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Archive for April, 2010

Of Apples and Crabapples

We’ve had this poor little crabapple tree on the side of our house since we moved in ten years ago. It’s a little thing that looks like it was designed by Dr. Seuss, and we had often talked of getting rid of it. But it’s pretty in the spring when it blooms, and now it has another purpose: cross pollination.

You see, apple trees are social creatures, and they need another apple tree–of another variety–to cross pollinate with in order to set the most fruit. Crabapples fill that bill nicely, as long as their blooming cycle is in a congruent time with the other variety.

Several weeks ago we planted a Sweet Sixteen apple tree on a L’il Dwarf rootstock. Because of its size and appearance, we have affectionately dubbed it our “apple stick.” But notice the following picture:

Our little seedling is starting to send out leaves from the top and several buds on the side. Don’t come looking around here for apples this year (or even next), but I think the tree might take, unless I come too close with the weed trimmer.

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State of the Garden

The garden improvements are coming along. I continued making a “channel” or footpath on the east side, both for ease of access and to eventually get to the attachment points for the greenhouse ribs. I consolidated the lettuce into one more densely-packed bed, and put out some more spinach and broccoli transplants. Finally, I direct-sowed some carrots, too…a bit later than I should have, but better late than never.

Let me allow pictures to describe the garden better than I can do with words. First, the general overview:

Then, the spinach. Some new transplants, some older seedlings.

My lettuce, with Red Sails and Green Sails in the foreground, with some Royal Oak Leaf and Buttercrunch more in the background:

A view through the garlic…

The onion sets were put in not long ago, so they’re still a bit away from harvesting…

Here’s the new northern bed that I narrowed and straightened. The 2″x8″ on the left edge is a salvage from my alley that I just got today. I’m making this my main carrot bed, since it gets the most sun. Just planted four short rows today on the north end, and will add more in succession in the weeks to follow.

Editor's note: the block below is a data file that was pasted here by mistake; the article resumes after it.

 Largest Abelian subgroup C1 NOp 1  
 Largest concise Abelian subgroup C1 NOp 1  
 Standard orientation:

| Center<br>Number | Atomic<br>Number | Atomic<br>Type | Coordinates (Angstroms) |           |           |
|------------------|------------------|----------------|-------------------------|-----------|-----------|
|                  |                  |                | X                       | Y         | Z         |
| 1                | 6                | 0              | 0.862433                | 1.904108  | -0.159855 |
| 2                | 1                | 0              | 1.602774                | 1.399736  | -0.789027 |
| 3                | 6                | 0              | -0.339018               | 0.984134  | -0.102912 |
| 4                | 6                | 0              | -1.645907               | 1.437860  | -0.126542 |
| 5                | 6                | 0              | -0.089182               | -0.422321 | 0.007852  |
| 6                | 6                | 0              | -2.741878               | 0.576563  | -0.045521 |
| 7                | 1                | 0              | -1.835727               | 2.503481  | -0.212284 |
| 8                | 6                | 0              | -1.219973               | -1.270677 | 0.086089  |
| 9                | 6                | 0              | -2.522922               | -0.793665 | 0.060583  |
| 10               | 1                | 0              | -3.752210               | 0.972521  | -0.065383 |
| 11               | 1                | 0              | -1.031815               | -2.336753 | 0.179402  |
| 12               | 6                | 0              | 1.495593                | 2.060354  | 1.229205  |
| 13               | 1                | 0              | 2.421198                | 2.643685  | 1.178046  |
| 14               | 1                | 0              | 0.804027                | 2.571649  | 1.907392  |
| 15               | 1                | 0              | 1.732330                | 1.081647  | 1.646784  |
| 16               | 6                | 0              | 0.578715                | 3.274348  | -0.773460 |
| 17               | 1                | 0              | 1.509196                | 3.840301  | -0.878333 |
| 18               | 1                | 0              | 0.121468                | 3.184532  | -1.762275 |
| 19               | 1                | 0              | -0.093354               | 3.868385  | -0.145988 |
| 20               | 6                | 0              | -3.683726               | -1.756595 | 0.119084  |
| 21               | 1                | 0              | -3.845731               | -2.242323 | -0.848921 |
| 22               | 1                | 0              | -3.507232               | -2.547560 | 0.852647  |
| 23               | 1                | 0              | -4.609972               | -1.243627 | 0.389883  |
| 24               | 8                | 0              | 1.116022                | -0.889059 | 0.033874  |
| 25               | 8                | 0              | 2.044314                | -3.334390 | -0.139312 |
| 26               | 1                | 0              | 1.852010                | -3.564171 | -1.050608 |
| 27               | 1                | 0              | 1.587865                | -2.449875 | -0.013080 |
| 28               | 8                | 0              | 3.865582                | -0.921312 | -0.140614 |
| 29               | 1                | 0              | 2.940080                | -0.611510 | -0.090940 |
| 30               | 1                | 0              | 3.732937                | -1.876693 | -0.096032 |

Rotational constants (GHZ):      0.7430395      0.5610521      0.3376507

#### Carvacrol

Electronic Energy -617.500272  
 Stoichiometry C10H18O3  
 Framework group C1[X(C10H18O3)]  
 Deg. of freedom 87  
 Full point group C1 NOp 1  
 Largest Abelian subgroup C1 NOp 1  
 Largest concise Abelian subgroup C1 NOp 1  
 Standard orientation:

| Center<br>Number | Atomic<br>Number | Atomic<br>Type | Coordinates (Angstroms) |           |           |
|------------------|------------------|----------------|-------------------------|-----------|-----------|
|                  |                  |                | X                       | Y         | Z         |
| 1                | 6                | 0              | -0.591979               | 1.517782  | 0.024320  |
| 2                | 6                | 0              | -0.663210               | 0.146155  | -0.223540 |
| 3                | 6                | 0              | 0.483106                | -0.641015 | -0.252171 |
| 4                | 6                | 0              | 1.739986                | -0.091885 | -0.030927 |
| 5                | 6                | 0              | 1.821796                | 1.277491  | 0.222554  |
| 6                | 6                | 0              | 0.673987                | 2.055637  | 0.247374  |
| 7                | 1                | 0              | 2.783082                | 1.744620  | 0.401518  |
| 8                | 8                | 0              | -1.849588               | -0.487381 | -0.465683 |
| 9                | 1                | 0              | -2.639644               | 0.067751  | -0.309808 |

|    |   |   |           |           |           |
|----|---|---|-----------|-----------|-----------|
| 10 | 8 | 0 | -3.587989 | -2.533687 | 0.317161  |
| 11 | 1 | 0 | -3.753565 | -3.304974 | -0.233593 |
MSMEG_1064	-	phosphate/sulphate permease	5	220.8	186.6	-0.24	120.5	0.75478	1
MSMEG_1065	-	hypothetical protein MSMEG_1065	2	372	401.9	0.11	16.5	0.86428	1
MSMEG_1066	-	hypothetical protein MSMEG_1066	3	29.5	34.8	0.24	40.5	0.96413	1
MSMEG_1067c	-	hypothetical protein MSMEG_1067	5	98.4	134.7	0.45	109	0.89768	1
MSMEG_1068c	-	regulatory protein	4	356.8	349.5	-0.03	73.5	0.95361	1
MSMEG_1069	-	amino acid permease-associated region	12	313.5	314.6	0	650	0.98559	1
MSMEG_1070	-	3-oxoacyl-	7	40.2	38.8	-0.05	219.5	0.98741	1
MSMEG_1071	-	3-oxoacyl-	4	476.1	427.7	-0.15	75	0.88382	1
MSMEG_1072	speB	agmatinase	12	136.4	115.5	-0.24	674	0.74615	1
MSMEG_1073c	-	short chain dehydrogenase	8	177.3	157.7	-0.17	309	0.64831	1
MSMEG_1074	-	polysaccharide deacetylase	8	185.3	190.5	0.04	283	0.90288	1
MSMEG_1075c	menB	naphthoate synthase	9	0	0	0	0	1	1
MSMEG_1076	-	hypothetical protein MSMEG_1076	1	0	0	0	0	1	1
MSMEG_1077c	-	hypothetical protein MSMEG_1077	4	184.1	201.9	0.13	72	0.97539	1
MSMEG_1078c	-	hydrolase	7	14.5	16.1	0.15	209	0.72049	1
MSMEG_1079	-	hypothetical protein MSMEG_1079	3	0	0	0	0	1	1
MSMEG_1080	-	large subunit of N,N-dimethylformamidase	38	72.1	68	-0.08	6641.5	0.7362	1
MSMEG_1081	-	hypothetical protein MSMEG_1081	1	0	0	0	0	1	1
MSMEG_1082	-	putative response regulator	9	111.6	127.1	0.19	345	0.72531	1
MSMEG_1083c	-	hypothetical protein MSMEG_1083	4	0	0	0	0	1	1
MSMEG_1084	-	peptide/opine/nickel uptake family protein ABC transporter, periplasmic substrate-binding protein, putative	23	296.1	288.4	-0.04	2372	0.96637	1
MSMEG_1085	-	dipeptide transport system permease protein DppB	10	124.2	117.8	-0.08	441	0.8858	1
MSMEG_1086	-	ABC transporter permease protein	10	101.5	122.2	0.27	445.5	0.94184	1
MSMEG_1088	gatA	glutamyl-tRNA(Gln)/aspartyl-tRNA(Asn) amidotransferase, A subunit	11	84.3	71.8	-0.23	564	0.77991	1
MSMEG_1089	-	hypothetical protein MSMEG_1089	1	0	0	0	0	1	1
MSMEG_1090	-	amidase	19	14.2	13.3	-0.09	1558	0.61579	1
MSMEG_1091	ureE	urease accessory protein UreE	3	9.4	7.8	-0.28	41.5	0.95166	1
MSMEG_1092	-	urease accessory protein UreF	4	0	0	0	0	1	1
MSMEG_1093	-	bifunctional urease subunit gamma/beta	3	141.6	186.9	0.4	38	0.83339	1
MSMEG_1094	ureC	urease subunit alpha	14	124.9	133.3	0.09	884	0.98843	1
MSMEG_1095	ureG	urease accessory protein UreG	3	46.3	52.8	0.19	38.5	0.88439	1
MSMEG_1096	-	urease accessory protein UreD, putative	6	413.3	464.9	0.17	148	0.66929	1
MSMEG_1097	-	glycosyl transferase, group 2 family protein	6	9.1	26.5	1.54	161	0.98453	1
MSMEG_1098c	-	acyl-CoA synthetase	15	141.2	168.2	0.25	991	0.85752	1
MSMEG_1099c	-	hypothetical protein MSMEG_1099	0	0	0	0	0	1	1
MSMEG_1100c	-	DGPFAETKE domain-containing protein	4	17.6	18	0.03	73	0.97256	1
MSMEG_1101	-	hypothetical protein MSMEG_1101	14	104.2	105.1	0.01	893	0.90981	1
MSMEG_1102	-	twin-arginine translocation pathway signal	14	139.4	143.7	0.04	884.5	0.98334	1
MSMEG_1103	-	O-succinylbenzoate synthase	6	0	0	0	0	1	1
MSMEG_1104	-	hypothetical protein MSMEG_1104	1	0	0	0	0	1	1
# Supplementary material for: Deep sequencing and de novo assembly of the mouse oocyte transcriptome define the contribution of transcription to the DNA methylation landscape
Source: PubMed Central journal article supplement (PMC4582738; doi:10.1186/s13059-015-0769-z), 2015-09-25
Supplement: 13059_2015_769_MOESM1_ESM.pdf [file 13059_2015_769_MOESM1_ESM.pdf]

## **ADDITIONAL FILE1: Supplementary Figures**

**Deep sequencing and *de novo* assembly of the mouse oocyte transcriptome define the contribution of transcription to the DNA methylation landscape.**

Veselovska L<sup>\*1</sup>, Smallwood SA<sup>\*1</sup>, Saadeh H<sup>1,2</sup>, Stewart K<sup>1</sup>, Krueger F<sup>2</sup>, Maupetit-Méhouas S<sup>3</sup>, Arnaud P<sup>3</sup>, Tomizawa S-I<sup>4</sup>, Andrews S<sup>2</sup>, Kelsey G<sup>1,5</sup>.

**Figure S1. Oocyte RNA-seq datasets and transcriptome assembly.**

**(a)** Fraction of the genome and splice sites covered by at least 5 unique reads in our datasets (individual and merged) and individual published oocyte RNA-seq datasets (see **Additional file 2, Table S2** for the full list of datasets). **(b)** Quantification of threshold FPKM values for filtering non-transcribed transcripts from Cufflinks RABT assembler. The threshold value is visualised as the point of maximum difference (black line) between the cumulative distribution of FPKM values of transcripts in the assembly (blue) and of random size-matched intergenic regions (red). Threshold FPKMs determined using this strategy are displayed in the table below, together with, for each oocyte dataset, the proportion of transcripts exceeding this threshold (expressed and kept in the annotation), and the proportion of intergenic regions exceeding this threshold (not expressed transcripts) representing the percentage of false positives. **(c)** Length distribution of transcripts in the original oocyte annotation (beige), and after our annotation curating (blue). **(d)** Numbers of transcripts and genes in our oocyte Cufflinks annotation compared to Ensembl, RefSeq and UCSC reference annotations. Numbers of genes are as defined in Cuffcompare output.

The broccoli bed that I mentioned building in the last post. The black tubes are drip irrigation lines to water the seedlings. That system will be fairly radically changed as the new greenhouse takes shape.

So there you have it: the state of the Bareford garden on April 20th, 2010!

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Rethinking the Garden

I’m a firm believer in garden plans. I’ve even taught a workshop on how to make a garden plan, and preached the mantra “Make a plan and stick to it. Your premeditated ideas and decisions will almost always be better than your emotional, in-the-moment ones.” Hopefully, if you were in that workshop, you weren’t listening to that line of bull. Apparently, even I wasn’t.

You see, my garden plan is out the window.

The problem began with one innocent tray of lettuce seedlings. This past winter, I was slowly accumulating some equipment necessary to eventually set up an indoor aquaponics ecosystem, and I was testing the grow lights that I had put together, using some leaf lettuce seeds as guinea pigs. They sprouted, but quickly yellowed and just weren’t thriving. Because growing plants are a vital link the aquaponics chain, I tinkered around for better results: I changed the grow lights, and made my own potting soil. As a test bed, I scattered a bunch of mixed lettuce seeds in two inches of soil inside an aluminum roasting pan and waited to see what would happen.

Well, they sprouted. All of them. I was happy because my growing setup was working. And then the seedlings were 2-3 inches tall and crowding each other badly. I should have tossed them out; it was only an experiment, right? Of course, I couldn’t do that. Instead, I transplanted 18 of them into individual peat pots. And then gave a half-dozen away to one friend, another dozen to a second friend. And then I transplanted another dozen for myself, and still I had more. Did I mention I scattered a bunch of seeds?

So, in March after I built my cold frame, I moved my growing little collection of seedlings outside. Then, once the beds were ready–and the drip irrigation installed–it was just too tempting to wait. I planted my lettuce seedlings where I’d planned to, but also right across the beds that I’d planned for spinach and carrots.

The non-plan problem deepened when my strawberries didn’t come up the way I’d hoped, and I moved them to the new rain gutter planters and put broccoli in their place (therefore not putting the broccoli in the bed space I’d planned it to go). Then, after reading Four Season Harvest, Melissa and I have decided to put up a convertible greenhouse over our main garden, which requires space around the edges.